Baseline products are those that are funded for initial operational implementation as part of the ground segment base contract. Not all products will be produced from the mesoscale scans. More information can be found online (at www.goes-r.gov/).

Aerosol detection (including smoke and dust)

Aerosol optical depth (AOD)

Clear sky mask (cloud mask)

Cloud and moisture imagery

Cloud optical depth

Cloud particle size distribution

Cloud-top height

Cloud-top phase

Cloud-top pressure

Cloud-top temperature

Derived motion winds

Derived stability indices

Downward shortwave radiation: surface

Fire/hot spot characterization

Hurricane intensity estimation

Land surface temperature (skin)

Legacy vertical moisture profile

Legacy vertical temperature profile

Radiances

Rainfall rate/QPE

Reflected shortwave radiation: top of atmosphere (TOA)

Sea surface temperature (skin)

Snow cover

Total precipitable water

Volcanic ash: detection and height

SRSOR OVERVIEW.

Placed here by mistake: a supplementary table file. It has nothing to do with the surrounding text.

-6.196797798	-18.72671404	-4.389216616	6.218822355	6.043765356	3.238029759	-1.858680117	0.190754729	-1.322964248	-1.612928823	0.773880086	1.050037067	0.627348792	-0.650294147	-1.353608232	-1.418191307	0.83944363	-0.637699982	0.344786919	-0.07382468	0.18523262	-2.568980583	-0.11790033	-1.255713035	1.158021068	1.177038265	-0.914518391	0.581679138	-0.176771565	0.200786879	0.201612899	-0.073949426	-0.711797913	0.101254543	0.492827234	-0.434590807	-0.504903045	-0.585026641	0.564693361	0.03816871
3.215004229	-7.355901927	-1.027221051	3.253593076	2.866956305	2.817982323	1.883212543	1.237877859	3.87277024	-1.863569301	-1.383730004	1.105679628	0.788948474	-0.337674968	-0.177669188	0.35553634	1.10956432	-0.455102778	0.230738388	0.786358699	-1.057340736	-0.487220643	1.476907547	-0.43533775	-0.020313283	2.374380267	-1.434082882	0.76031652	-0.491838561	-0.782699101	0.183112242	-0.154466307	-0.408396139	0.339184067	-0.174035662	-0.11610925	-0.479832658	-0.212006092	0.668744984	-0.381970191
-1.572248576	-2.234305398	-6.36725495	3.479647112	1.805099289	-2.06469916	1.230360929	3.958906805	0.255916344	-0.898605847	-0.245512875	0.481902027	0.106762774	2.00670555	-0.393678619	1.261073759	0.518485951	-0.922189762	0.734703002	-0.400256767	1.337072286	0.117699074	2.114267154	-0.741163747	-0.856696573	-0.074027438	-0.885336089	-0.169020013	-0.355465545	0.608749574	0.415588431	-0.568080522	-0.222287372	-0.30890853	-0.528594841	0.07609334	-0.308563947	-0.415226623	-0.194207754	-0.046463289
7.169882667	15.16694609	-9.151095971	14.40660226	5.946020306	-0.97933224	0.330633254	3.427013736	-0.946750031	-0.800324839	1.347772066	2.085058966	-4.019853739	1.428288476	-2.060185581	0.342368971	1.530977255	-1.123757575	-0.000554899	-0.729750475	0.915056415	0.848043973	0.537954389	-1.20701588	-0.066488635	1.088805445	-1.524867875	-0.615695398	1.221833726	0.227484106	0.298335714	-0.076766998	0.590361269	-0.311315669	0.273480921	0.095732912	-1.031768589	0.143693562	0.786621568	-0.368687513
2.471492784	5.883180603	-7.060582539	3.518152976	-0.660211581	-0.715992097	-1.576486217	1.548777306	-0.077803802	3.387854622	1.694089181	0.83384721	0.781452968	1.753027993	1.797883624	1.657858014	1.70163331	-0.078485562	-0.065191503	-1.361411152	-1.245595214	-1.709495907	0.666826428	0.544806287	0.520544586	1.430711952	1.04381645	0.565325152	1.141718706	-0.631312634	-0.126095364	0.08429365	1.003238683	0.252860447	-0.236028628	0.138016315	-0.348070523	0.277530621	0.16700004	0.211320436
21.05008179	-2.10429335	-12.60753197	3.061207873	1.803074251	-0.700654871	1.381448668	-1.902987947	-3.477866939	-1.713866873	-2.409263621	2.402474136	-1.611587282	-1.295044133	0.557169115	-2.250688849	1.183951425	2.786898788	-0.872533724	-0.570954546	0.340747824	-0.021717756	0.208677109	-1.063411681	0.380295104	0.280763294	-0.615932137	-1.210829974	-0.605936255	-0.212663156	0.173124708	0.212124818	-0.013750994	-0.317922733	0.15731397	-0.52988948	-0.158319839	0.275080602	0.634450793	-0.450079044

The GOES-14 imager was operated by the National Oceanic and Atmospheric Administration (NOAA) in an experimental rapid scan 1-min mode during parts of 2012 and 2013 while the satellite was in its normal annual north/south maneuver and performance testing. This scan mode, known as the super rapid scan operations for GOES-R (SRSOR), emulated the high-temporal-resolution sampling of the mesoscale images from the ABI included on the next-generation GOES-R series (Schmit et al. 2005). This paper both introduces these unique datasets and highlights future satellite imager capabilities. The GOES-R also will carry the first Geostationary Lightning Mapper (GLM), which will monitor total lightning activity (Goodman et al. 2013) and, among many other uses, complement the ABI information in regions of overlap. GOES-R is slated to launch in early 2016. Many phenomena were observed from GOES-14 during this experiment at unprecedented temporal resolution, including fog, clouds, severe storms, monsoon moisture, fires and smoke (including the California Rim Fire), and several tropical cyclones. These data help prepare users for the next-generation GOES-R imager, which will be able to routinely capture mesoscale (1,000 km × 1,000 km) images every 30 s over one location (or every minute over two separate locations).